Images of the devastating earthquake that hit Gujarat, India, last January have yet to fade from memory: buildings reduced to rubble, weeping relatives, the occasional dust-and blood-covered survivor miraculously plucked from the wreckage. That magnitude-7.6 quake, with an epicenter near the city of Bhuj, was India's deadliest ever, wiping out more than 20,000 people. Now, a study published last week in the journal Science says Bhuj may be a mere shiver compared with what lies in store for the subcontinent. The Gujarat quake, says the report, distracts attention from the region where the greatest loss of life should be expected: the 2,100-kilometer Himalayan arc, which stretches from Kashmir in the west to Bhutan in the east. This is the site of the greatest continental collision on earth, where the Indian tectonic plate is ramming northward against Eurasia. Its progress is slow--about 2 centimeters per year--but energy has been building up over the centuries. Eventually the rock must fracture, allowing the Indian plate to lurch northward beneath the Himalayas.
This rupture (read: massive earthquake) is overdue. Geologist Roger Bilham of the University of Colorado in Boulder, the study's lead author, says the fault line running along the whole length of the Himalayas is set to crack. But it won't go all at once. Based on a re-examination of the region's seismic history for the past 300 years and on new GPS satellite data, he and his colleagues estimate that it would take at least seven massive earthquakes, each affecting a 200km to 300km strip of the fault line, to permit the entire plate boundary to slip. Each quake may have a magnitude of at least 8, depending on the timing and severity of the region's most recent disturbance.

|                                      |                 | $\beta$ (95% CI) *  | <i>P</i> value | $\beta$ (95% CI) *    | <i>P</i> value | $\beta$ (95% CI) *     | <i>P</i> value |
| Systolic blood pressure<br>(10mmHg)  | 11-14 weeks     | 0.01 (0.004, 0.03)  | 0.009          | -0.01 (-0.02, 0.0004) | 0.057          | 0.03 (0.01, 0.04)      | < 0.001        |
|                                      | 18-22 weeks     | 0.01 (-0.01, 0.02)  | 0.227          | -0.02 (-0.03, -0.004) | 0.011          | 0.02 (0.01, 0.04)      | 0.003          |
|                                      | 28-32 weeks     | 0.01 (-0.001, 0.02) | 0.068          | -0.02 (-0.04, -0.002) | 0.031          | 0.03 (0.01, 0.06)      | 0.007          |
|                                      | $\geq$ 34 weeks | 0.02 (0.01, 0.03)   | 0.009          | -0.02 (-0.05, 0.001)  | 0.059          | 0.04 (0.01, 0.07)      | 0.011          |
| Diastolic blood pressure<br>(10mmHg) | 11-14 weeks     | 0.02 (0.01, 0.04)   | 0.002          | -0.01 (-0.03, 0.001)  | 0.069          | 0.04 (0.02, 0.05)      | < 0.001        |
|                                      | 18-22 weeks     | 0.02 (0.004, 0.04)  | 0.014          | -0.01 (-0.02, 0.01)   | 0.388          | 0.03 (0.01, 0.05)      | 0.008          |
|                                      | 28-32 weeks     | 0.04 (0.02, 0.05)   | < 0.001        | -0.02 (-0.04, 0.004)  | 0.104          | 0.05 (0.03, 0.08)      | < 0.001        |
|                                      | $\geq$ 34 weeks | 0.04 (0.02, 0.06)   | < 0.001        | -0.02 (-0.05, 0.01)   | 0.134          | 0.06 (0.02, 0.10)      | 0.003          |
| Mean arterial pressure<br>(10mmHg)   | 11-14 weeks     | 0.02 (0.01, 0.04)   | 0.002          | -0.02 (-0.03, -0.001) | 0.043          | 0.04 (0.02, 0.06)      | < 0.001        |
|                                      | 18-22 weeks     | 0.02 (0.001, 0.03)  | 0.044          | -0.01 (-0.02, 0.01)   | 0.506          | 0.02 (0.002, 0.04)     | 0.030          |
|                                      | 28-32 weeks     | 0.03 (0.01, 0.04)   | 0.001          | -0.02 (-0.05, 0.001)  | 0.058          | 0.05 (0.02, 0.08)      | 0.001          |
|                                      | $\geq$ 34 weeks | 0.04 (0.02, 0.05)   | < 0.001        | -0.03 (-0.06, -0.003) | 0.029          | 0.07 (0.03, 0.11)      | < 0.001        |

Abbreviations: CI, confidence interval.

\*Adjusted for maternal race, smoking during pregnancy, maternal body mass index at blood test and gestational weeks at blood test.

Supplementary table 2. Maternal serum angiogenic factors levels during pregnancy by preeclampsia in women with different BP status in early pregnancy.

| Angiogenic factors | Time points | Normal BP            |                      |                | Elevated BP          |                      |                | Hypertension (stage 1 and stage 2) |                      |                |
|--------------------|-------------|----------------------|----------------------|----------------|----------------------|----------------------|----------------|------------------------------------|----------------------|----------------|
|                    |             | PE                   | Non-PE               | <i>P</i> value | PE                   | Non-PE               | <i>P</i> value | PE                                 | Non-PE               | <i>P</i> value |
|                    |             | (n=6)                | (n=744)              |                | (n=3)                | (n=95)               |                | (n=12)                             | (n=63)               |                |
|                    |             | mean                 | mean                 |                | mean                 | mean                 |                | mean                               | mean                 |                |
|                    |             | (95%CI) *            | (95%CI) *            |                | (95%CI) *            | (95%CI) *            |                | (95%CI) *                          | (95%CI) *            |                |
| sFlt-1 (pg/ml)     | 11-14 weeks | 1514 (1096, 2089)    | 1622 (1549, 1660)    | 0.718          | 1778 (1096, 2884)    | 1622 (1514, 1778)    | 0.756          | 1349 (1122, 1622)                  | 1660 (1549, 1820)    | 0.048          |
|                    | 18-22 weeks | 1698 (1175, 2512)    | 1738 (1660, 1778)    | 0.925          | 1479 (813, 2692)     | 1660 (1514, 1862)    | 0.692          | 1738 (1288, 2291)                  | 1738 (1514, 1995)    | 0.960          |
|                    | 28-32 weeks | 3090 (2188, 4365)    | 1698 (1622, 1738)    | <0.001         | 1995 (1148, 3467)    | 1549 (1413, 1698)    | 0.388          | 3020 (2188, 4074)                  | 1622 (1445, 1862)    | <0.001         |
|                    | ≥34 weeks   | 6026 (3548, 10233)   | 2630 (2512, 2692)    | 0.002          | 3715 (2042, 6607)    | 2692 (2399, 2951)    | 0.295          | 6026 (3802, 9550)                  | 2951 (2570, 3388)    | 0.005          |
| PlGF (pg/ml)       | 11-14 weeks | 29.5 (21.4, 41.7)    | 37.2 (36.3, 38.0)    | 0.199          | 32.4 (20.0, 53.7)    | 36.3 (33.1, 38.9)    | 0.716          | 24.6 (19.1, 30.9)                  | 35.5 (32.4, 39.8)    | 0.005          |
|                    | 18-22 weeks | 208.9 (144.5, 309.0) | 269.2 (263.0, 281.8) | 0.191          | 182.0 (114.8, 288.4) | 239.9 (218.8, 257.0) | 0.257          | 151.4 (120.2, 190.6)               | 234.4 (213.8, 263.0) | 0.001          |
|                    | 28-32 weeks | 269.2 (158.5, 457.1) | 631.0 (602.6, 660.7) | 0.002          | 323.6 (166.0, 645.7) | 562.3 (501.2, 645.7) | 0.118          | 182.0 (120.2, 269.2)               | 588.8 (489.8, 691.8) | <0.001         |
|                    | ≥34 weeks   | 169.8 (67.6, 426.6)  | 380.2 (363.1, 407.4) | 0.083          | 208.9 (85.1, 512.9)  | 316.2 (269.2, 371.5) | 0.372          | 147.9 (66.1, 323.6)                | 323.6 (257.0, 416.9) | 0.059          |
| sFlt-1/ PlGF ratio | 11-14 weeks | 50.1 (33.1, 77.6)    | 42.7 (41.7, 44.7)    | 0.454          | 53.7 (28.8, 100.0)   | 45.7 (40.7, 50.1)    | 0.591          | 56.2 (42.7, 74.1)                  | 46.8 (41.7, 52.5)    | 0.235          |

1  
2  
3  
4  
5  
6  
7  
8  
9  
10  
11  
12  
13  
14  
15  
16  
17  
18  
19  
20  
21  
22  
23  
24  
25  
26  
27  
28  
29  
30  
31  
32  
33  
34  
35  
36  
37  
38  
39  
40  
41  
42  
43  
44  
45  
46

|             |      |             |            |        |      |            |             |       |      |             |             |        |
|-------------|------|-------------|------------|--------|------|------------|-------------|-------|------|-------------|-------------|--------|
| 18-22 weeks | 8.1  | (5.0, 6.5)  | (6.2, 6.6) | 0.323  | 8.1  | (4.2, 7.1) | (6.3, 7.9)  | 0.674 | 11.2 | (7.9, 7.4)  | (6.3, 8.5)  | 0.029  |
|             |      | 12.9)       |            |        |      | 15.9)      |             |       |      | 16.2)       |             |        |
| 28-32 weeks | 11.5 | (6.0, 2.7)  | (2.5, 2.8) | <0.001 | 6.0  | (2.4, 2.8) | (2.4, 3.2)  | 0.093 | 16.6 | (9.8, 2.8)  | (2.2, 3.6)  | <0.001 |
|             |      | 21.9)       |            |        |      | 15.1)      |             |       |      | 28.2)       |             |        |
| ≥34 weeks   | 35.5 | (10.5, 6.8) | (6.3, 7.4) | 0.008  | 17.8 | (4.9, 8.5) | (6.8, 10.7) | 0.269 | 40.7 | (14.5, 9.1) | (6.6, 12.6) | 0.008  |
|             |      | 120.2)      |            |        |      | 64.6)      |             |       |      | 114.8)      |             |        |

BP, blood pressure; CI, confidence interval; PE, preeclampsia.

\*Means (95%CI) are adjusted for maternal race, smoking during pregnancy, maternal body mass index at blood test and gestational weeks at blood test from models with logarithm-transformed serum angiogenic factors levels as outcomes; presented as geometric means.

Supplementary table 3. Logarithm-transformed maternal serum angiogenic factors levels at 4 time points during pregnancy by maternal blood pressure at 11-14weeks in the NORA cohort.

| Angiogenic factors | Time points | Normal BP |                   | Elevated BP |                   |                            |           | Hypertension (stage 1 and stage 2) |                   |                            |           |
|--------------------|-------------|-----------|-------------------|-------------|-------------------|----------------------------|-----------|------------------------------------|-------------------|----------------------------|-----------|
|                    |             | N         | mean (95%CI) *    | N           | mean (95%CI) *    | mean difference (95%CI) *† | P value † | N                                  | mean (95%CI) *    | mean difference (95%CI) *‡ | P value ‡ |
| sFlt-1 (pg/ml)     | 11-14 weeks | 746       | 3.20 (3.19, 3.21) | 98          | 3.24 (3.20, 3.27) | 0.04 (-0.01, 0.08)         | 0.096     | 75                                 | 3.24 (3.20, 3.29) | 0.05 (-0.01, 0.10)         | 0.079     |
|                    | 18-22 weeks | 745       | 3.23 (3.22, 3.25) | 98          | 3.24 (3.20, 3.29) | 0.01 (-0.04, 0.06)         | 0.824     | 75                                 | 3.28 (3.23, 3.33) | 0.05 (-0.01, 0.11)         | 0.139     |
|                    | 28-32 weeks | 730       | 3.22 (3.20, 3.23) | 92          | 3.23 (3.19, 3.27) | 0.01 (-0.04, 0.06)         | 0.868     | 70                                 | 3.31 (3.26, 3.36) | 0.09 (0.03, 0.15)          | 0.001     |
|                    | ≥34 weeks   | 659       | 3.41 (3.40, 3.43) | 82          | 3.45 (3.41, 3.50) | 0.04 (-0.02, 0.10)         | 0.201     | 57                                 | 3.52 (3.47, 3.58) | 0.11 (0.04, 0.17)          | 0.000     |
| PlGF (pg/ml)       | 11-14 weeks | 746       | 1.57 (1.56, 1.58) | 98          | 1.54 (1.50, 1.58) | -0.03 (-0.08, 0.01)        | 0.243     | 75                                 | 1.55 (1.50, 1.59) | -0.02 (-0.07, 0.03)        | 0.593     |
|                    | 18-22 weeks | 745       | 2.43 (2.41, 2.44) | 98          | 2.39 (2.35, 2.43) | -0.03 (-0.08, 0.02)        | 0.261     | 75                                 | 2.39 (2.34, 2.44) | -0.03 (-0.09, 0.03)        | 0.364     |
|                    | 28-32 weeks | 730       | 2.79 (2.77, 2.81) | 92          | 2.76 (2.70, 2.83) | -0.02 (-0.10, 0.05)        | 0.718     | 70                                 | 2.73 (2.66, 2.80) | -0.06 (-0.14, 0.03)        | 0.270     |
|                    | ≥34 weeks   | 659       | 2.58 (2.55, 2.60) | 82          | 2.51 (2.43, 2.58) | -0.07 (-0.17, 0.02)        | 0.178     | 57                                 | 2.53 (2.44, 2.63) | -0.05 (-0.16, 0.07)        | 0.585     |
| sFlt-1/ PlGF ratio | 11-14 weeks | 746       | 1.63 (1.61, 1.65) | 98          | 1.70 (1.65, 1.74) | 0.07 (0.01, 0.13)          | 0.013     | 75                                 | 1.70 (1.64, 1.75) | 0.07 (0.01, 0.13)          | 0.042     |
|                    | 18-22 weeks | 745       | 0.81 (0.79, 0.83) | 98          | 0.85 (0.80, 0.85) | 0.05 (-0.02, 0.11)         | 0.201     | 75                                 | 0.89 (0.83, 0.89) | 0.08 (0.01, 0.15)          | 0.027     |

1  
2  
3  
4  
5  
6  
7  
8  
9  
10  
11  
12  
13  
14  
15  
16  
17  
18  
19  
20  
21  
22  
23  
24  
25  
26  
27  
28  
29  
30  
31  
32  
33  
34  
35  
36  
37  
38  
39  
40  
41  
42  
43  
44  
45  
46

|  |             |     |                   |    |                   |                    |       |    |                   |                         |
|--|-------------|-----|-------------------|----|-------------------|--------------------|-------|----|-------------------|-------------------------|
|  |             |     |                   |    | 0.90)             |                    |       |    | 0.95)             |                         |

Not only would these quakes be more powerful than the Bhuj disaster, but they would occur in more densely populated areas. The danger zone encompasses the capitals of Bangladesh, Bhutan, India, Nepal and Pakistan, and several other cities with populations in excess of 1 million. Several dams, including the massive Tehri hydroelectric dam in Uttar Pradesh, haven't been built to withstand earthquakes. If the Tehri dam broke, it could kill 10 million people. In all, 50 million people are at risk. "If one of the large earthquakes occurred in Delhi, with a population of  million," says Bilham, "the fatality count might be unprecedented. It could be 10 percent of the population."
Of course, the threat of massive earthquakes is not new to India. The country first mapped out its seismological risks 13 years ago, placing Bhuj and areas near Delhi in its highest-risk categories. But India's program to build earthquake-resistant housing has lagged behind. National building codes for the region were put in place a decade ago, but the government still hasn't made them mandatory--even after Bhuj. Those few buildings in Bhuj that were designed and built in line with the new codes survived unscathed, even though the epicenter was just 60km away. But architects and builders tend to ignore the codes. "The codes have been in existence for many years," says Vellaichamy Thiruvengadam, head of building engineering at Delhi's School of Planning and Architecture. "But private companies, as opposed to government organizations, often don't follow them."
Nepal is equally unprepared. Many in Katmandu still recall the massive 1934 quake that killed 4,000 people. Since then, the population has skyrocketed. Unfortunately, construction practices are just as poor as those in Gujarat; since the soil in the Katmandu valley is softer, buildings are even more vulnerable to earthquakes.
Generally, experts in India seem unfazed by Bilham's report, which has already been widely circulated. "No one can predict the timing, location or magnitude of the next earthquake," says Virendra Mittal, director of the seismological division of the Indian Meteorological Department. "Our data goes back only a hundred years," he says. "We'd need thousands to make that kind of statististical prediction."
Bilham and his colleagues are now working on those very data. Digging through ancient Tibetan, Urdu and Arabic texts, the scientists have already discovered at least three previously unknown quakes. One hit Kashmir in 1555, another took place in the central Himalayas 50 years earlier and a third, of which they so far have only one unconfirmed account, may have shaken Nepal in 1255. The point of all this? "Once we get a picture of the last 1,000 to 2,000 years of earthquakes, we might then be able to provide a probability forecast for future events," says Bilham. Meaning that scientists would be able to say there is a 50 percent chance that a strong quake would hit a certain region at a specific time. But that's still far in the future. Until then, Himalayans must brace for the worst.